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Brightening Trench Warfare: How Soldiers Found Comfort in Nature During WWI

Elisabeth Edwards
Photo Credit: Art Media / Print Collector / Getty Images
Photo Credit: Art Media / Print Collector / Getty Images

The conditions during the First World War were often depicted as bleak, desolate and filthy. For many, life on the Western Front was unsanitary at best. Even though the world seemed to be decaying all around them, soldiers were able to find comfort in the nature that was around them. Many men took up botany and birdwatching, picked wildflowers, and created art inspired by poppy fields and the scenic European landscapes that reminded them of home.

Wildflowers in a warzone

Life in the trenches was anything but natural. For weeks at a time, soldiers slept in small dugouts that were filled with water and populated by rats. That’s not to mention the instances of lice, trench foot, dysentery and other ailments that came with living in the rough environment of the Western Front.

A painting of a poppy field
“The Poppy Field” by George Hitchcock, 1915. (Photo Credit: Virtue & Company / Print Collector / Getty Images)

Making the trenches feel more like home was one way to keep morale high. In a letter home in 1915, Private R.C.S. Frost described the surprising juxtaposition of flowers and birds in the trenches:

“This trench of ours is a model in its own way, being fairly safe, and connected by good communication trenches. The Commanding Officer’s house of white sandbags is fitted with [a] window, curtains, and window box with pansies in it… It will show you how soldiers can adapt themselves to circumstances. At the back of our trench is ripening corn and plenty of wildflowers in bloom… We have also canaries in cages in the trench!”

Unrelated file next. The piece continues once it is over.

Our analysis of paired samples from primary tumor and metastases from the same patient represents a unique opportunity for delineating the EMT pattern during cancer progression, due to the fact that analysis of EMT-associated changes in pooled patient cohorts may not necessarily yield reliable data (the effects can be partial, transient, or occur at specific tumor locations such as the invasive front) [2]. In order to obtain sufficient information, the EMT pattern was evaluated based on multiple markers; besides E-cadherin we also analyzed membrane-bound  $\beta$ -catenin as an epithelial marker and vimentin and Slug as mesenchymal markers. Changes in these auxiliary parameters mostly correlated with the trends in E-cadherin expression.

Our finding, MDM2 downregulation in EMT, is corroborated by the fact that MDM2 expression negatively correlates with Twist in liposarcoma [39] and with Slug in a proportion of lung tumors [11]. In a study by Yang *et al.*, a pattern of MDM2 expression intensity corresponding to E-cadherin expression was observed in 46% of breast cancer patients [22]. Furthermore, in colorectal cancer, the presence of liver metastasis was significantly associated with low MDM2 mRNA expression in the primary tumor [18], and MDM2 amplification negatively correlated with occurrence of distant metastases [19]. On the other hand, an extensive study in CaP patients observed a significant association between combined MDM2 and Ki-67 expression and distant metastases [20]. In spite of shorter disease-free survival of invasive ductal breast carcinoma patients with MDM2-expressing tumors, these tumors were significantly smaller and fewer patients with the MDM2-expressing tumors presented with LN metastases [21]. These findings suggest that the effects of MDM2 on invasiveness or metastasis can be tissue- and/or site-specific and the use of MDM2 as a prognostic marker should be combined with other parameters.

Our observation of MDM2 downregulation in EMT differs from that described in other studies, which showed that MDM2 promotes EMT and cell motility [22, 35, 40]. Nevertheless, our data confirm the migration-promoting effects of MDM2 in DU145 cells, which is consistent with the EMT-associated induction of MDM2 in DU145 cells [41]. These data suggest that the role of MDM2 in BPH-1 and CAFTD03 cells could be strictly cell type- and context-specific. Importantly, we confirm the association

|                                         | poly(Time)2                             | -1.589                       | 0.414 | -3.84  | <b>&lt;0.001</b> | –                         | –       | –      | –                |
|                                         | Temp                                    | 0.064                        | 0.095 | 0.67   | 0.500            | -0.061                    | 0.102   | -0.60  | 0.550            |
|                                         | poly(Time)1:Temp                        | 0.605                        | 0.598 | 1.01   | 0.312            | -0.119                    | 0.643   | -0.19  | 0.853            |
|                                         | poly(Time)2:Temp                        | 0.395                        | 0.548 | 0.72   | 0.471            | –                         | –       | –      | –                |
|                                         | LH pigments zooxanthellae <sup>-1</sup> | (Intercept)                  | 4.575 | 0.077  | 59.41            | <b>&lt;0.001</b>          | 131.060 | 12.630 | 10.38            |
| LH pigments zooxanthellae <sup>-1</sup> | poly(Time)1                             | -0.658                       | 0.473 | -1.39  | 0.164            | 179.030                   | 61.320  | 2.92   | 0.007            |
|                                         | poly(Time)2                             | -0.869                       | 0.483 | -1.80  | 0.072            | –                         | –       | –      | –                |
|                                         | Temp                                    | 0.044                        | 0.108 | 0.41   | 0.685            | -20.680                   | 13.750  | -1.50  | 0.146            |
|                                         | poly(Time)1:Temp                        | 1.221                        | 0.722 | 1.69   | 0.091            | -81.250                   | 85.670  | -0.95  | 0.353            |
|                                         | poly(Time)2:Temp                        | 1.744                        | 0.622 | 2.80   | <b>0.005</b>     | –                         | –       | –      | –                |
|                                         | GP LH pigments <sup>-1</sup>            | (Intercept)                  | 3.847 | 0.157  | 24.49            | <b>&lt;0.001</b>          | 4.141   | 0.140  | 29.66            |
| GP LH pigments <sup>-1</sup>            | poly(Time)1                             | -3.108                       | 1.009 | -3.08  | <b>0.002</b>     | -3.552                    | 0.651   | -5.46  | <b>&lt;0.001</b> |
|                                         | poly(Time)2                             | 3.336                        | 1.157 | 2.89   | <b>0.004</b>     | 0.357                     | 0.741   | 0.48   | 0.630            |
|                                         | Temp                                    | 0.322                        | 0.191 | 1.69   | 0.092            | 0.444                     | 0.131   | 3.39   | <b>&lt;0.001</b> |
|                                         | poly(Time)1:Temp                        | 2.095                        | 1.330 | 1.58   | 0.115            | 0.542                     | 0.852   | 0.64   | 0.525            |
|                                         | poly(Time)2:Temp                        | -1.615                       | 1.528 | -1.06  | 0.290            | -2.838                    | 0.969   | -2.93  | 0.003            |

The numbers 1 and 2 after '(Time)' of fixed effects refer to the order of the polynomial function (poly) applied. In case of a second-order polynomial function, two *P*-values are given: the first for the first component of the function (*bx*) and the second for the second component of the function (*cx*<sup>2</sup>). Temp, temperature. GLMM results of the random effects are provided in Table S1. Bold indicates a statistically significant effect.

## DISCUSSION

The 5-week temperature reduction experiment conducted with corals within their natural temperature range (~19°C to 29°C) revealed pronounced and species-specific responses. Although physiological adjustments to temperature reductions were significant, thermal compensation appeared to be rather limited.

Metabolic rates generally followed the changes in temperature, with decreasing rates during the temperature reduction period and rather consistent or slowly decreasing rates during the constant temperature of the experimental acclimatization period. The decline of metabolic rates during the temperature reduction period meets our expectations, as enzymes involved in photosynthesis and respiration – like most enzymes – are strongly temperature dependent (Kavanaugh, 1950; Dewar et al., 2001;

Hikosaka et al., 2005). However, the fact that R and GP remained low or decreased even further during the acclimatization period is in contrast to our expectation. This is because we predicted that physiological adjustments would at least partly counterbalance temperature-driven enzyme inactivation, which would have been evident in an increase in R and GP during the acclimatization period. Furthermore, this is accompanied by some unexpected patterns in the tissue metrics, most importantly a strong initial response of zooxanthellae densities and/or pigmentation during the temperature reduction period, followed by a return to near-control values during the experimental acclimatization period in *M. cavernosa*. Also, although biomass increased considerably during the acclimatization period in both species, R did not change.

French officers gathered around a table decorated with flowers
French officers dining in style in a trench near the Western Front. (Photo Credit: Hulton Archive / Getty Images)

According to cultural historian Bethany Wyatt, Scottish Captain Andrew McCormick wrote home about a special evening tradition he’d introduced to those living with him in the trenches:

“Most folks who served in France learned to have a great appreciation of the wild flowers which did so much to brighten the arid wastes left in the trail of war. Each evening I used to bring in a different kind of wild flower – dandelions, cornflowers, poppies – to grace our evening meal.”

Defiant gardens

Gardening was another way for soldiers to escape the nightmarish reality of the trenches. Not only did gardening provide soldiers with more food, it was also a way to participate in normal activities that reminded them of home. Author Kenneth Helphand wrote in his book Defiant Gardens that these were an act of defiance that “exemplified the struggle to create something normal in the most abnormal conditions.”

French soldiers harvesting vegetables from a garden
French soldiers cultivating a kitchen garden near the Front in Champagne, France, 1916. (Photo Credit: Jacques Boyer / Roger Viollet / Getty Images)